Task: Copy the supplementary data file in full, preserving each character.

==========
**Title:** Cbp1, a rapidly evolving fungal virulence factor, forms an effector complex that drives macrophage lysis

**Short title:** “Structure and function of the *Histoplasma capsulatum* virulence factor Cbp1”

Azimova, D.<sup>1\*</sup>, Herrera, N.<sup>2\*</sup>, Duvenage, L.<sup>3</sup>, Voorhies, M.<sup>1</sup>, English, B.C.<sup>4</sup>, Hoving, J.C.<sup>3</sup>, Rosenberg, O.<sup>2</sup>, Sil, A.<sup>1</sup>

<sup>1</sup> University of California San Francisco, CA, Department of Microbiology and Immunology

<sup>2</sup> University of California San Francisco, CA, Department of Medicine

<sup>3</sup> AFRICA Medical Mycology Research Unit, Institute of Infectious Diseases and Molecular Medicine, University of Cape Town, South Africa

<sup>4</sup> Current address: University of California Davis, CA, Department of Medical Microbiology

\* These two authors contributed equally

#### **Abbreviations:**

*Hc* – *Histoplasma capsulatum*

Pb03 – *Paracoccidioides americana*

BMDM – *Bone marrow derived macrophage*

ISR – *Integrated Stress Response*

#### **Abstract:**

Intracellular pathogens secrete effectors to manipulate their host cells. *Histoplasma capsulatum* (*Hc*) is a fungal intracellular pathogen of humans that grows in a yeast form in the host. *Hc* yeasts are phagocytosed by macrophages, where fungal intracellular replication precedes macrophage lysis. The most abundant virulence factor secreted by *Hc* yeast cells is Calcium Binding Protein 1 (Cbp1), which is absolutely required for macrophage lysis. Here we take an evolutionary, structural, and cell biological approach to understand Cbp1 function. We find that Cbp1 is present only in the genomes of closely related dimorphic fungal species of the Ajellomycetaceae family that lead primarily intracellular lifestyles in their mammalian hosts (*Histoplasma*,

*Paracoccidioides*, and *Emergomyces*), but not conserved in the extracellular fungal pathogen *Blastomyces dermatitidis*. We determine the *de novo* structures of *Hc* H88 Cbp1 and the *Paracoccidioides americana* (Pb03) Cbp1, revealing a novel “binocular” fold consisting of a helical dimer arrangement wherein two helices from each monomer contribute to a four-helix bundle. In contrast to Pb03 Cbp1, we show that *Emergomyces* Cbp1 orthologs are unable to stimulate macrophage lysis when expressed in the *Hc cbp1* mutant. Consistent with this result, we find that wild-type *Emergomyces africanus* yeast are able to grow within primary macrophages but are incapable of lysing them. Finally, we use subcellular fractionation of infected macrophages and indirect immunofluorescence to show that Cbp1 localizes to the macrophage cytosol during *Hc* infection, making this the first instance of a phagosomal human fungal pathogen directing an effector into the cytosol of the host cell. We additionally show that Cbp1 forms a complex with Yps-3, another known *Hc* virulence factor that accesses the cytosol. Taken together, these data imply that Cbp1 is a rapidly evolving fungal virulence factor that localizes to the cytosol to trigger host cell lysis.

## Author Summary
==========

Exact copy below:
**Title:** Cbp1, a rapidly evolving fungal virulence factor, forms an effector complex that drives macrophage lysis

**Short title:** “Structure and function of the *Histoplasma capsulatum* virulence factor Cbp1”

Azimova, D.<sup>1\*</sup>, Herrera, N.<sup>2\*</sup>, Duvenage, L.<sup>3</sup>, Voorhies, M.<sup>1</sup>, English, B.C.<sup>4</sup>, Hoving, J.C.<sup>3</sup>, Rosenberg, O.<sup>2</sup>, Sil, A.<sup>1</sup>

<sup>1</sup> University of California San Francisco, CA, Department of Microbiology and Immunology

<sup>2</sup> University of California San Francisco, CA, Department of Medicine

<sup>3</sup> AFRICA Medical Mycology Research Unit, Institute of Infectious Diseases and Molecular Medicine, University of Cape Town, South Africa

<sup>4</sup> Current address: University of California Davis, CA, Department of Medical Microbiology

\* These two authors contributed equally

#### **Abbreviations:**

*Hc* – *Histoplasma capsulatum*

Pb03 – *Paracoccidioides americana*

BMDM – *Bone marrow derived macrophage*

ISR – *Integrated Stress Response*

#### **Abstract:**

Intracellular pathogens secrete effectors to manipulate their host cells. *Histoplasma capsulatum* (*Hc*) is a fungal intracellular pathogen of humans that grows in a yeast form in the host. *Hc* yeasts are phagocytosed by macrophages, where fungal intracellular replication precedes macrophage lysis. The most abundant virulence factor secreted by *Hc* yeast cells is Calcium Binding Protein 1 (Cbp1), which is absolutely required for macrophage lysis. Here we take an evolutionary, structural, and cell biological approach to understand Cbp1 function. We find that Cbp1 is present only in the genomes of closely related dimorphic fungal species of the Ajellomycetaceae family that lead primarily intracellular lifestyles in their mammalian hosts (*Histoplasma*,

*Paracoccidioides*, and *Emergomyces*), but not conserved in the extracellular fungal pathogen *Blastomyces dermatitidis*. We determine the *de novo* structures of *Hc* H88 Cbp1 and the *Paracoccidioides americana* (Pb03) Cbp1, revealing a novel “binocular” fold consisting of a helical dimer arrangement wherein two helices from each monomer contribute to a four-helix bundle. In contrast to Pb03 Cbp1, we show that *Emergomyces* Cbp1 orthologs are unable to stimulate macrophage lysis when expressed in the *Hc cbp1* mutant. Consistent with this result, we find that wild-type *Emergomyces africanus* yeast are able to grow within primary macrophages but are incapable of lysing them. Finally, we use subcellular fractionation of infected macrophages and indirect immunofluorescence to show that Cbp1 localizes to the macrophage cytosol during *Hc* infection, making this the first instance of a phagosomal human fungal pathogen directing an effector into the cytosol of the host cell. We additionally show that Cbp1 forms a complex with Yps-3, another known *Hc* virulence factor that accesses the cytosol. Taken together, these data imply that Cbp1 is a rapidly evolving fungal virulence factor that localizes to the cytosol to trigger host cell lysis.

## Author Summary